At the last of his 417 crusades, the one held in New York City in June 2005, evangelist Billy Graham made an unscripted proposal.
Both Bill and Hillary Clinton were sitting with him on stage in Flushing Meadows when Graham greeted them as his "wonderful friends of many years." "I told him," Graham said of President Clinton, "when he left the presidency, he should become an evangelist, because he had all the gifts." Graham paused, and added with a smile, "And he could [let] his wife run the country."
That remark caused such a furor in some quarters that Graham's evangelist son Franklin had to explain that it was meant as a joke.
But Graham had praised and defended both Clintons before. And in a new interview, Hillary Clinton reports that the evangelist fulfilled a pastoral role during the Monica Lewinsky scandal and helped the First Lady endure the ordeal. At that time, Clinton says, Graham was "incredibly supportive to me personally. And he was very strong in saying, 'I really understand what you're doing and I support you.' He was just very personally there for me."
She added: "The entire world was judging my decisions and my actions and there weren't very many people who, frankly, were understanding, and he was. He said, 'You know, forgiveness is the hardest thing that we're called upon to do. And we all face it at some point in our lives and I'm just really proud of you for taking it on."
Details of the Clinton-Graham conversations are reported for the first time in The Preacher and the Presidents, Billy Graham In the White House, which is being published this week. An excerpt will appear in TIME magazine this Friday.
The book makes clear that Clinton is not the first candidate to have a relationship with Graham amid the rough-and-tumble of a presidential campaign. Dwight Eisenhower asked Graham to assist with speeches in the 1952 race (Graham declined). Lyndon Johnson invited him to spend the weekend at the White House before the 1964 election because aides were hearing warnings that he might come out for Goldwater. Nixon recruited him to carry a secret message to Johnson during the 1968 campaign; Gerald Ford sought his advice in 1976 when he faced a born-again Southern Baptist challenger in Jimmy Carter. On the weekend before the 2000 election, amidst roiling charges about a buried drunk driving citation, Graham appeared at George W. Bush's side after a private breakfast together in the soon to be contested state of Florida and said, "I believe in the integrity of this man. I've known him as a boy. I've known him as a young man. And we're very proud of him."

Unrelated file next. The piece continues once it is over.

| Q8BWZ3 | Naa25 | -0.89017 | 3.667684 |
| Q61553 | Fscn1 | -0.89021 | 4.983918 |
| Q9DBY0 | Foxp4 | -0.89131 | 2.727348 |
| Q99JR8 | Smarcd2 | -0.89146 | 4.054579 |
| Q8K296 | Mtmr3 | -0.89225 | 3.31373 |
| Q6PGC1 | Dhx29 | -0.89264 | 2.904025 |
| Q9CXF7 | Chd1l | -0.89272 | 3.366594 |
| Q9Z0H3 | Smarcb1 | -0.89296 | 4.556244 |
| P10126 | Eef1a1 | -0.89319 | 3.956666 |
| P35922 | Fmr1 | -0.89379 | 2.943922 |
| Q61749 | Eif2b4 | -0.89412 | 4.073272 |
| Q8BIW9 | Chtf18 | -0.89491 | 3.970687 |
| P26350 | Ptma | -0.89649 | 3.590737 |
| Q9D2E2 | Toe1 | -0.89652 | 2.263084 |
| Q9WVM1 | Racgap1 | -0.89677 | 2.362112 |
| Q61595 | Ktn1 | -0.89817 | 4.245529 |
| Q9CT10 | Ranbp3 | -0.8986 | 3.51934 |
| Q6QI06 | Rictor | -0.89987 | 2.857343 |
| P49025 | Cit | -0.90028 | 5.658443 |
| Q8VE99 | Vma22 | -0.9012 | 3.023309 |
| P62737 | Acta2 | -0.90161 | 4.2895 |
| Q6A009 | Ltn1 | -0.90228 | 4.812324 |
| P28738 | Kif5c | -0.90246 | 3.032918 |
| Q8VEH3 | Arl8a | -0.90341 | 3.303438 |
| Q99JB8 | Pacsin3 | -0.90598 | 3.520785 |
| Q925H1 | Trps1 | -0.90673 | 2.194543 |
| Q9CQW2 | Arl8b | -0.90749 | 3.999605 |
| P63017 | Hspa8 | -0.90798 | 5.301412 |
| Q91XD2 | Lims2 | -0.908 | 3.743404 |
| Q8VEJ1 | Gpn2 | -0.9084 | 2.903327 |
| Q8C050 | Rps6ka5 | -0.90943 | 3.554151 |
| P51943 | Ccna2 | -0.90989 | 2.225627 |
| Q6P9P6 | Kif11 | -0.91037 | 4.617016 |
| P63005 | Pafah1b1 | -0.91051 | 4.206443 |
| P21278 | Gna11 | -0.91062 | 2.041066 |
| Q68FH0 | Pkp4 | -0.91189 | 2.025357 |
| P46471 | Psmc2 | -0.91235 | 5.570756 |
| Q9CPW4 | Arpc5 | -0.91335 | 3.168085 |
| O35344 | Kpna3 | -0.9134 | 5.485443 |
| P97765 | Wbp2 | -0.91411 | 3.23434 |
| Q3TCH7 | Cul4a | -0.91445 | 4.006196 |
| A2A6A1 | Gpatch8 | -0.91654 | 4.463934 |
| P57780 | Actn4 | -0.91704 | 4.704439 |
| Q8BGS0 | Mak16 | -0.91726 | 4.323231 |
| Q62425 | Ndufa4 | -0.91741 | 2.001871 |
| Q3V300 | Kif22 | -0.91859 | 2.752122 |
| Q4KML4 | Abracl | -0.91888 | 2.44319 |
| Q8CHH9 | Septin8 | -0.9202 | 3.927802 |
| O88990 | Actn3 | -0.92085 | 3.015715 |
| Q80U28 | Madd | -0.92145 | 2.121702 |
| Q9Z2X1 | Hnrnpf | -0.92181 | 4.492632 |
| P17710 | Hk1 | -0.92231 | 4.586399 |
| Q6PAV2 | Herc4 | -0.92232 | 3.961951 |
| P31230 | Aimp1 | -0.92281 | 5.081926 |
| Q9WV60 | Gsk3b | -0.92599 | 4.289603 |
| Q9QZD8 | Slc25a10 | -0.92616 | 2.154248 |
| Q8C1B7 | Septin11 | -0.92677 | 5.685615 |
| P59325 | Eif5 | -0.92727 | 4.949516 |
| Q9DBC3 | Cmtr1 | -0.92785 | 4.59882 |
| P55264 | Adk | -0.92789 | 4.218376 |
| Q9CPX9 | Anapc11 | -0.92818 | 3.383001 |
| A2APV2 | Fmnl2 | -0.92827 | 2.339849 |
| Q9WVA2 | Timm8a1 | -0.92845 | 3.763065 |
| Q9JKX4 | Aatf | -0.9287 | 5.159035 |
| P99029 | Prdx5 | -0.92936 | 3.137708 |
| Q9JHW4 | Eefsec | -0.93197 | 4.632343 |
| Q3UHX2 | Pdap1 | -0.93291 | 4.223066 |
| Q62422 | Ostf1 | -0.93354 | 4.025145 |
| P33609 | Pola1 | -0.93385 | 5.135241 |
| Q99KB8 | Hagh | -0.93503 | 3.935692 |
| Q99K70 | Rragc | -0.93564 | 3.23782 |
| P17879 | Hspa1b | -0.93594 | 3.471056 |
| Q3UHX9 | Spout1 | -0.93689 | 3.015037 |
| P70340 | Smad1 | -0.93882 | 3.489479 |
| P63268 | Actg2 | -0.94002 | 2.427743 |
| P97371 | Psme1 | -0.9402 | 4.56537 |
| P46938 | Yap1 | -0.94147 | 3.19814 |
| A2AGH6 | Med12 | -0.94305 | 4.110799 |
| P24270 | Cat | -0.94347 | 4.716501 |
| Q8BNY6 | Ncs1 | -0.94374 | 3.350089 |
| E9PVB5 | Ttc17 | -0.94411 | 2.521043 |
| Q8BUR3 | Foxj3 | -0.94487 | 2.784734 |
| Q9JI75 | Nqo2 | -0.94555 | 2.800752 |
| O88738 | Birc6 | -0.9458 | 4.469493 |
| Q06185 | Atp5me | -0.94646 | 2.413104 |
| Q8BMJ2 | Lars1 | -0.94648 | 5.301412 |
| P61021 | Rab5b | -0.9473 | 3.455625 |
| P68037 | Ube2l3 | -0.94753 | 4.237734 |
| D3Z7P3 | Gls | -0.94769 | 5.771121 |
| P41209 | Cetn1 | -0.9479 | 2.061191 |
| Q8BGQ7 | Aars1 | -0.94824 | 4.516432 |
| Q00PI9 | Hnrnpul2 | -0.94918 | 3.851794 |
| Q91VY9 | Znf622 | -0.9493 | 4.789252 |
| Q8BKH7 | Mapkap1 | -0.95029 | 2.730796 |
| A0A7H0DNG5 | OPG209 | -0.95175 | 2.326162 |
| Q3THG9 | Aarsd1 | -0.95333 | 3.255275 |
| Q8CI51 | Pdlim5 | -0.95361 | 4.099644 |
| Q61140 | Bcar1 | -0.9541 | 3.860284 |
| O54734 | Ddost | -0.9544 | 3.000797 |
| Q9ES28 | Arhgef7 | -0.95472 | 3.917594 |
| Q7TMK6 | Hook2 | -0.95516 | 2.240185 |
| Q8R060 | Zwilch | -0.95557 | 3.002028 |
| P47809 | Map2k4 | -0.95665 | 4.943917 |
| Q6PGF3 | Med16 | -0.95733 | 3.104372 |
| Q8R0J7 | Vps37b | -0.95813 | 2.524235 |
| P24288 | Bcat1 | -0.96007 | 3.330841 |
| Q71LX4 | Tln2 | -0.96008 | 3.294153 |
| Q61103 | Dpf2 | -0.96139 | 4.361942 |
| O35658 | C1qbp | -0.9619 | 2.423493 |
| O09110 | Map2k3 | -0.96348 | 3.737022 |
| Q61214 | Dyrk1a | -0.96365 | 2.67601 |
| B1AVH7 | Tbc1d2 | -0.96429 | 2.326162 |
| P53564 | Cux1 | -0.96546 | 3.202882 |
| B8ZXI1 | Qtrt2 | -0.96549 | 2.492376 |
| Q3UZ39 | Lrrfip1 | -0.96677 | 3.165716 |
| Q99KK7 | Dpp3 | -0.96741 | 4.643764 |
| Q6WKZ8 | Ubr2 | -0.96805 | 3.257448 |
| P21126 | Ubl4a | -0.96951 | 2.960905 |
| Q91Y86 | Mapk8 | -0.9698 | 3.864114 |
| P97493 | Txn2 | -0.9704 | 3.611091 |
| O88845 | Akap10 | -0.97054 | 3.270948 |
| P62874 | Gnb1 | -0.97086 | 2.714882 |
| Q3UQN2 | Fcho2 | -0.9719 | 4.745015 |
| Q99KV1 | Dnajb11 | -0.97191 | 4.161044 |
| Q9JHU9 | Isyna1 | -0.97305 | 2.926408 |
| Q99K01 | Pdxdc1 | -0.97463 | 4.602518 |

And yet Hillary Clinton's relationship with Graham goes back nearly as far as the current President's. A lifelong Methodist, Clinton had seen Graham on television growing up in Chicago. But she did not hear him preach in person until 1971, when she attended the Northern California crusade at the invitation of her then boyfriend, Bill Clinton, who had first heard Graham preach in Little Rock in 1959. "I wanted her to see Billy," he said.
Hillary and Graham did not meet in person until 1989, when Graham was preaching a weeklong crusade in Little Rock.
"He liked politics, therefore he liked politicians," she says. "And he loved elections. Because he knew that you had to have a narrative, you had to tell a story, you had to connect with people, all the things we talk about in politics."
Hillary Cinton's association with Graham is unlikely to have the same galvanizing affect on Democratic primary voters as George W. Bush's did with the G.O.P. base eight years ago. But it certainly doesn't hurt the Democratic front-runner either.
Of Senator Clinton, Graham said he liked her as a person. "I keep up with her," Graham said. "I think a lot of Hillary... She is different from the Hillary you see in the media. There is a warm side to her and a spiritual one."
The Preacher and the Presidents will be published this week by Center Street. On Friday, August 10, at 10 p.m., ABC News' Charles Gibson will host a one-hour special in conjunction with the book's publication entitled "Pastor To Power," which includes a roundtable discussion on faith and the Oval Office with Gibson, Graham and Presidents Carter, Clinton and George H.W. Bush.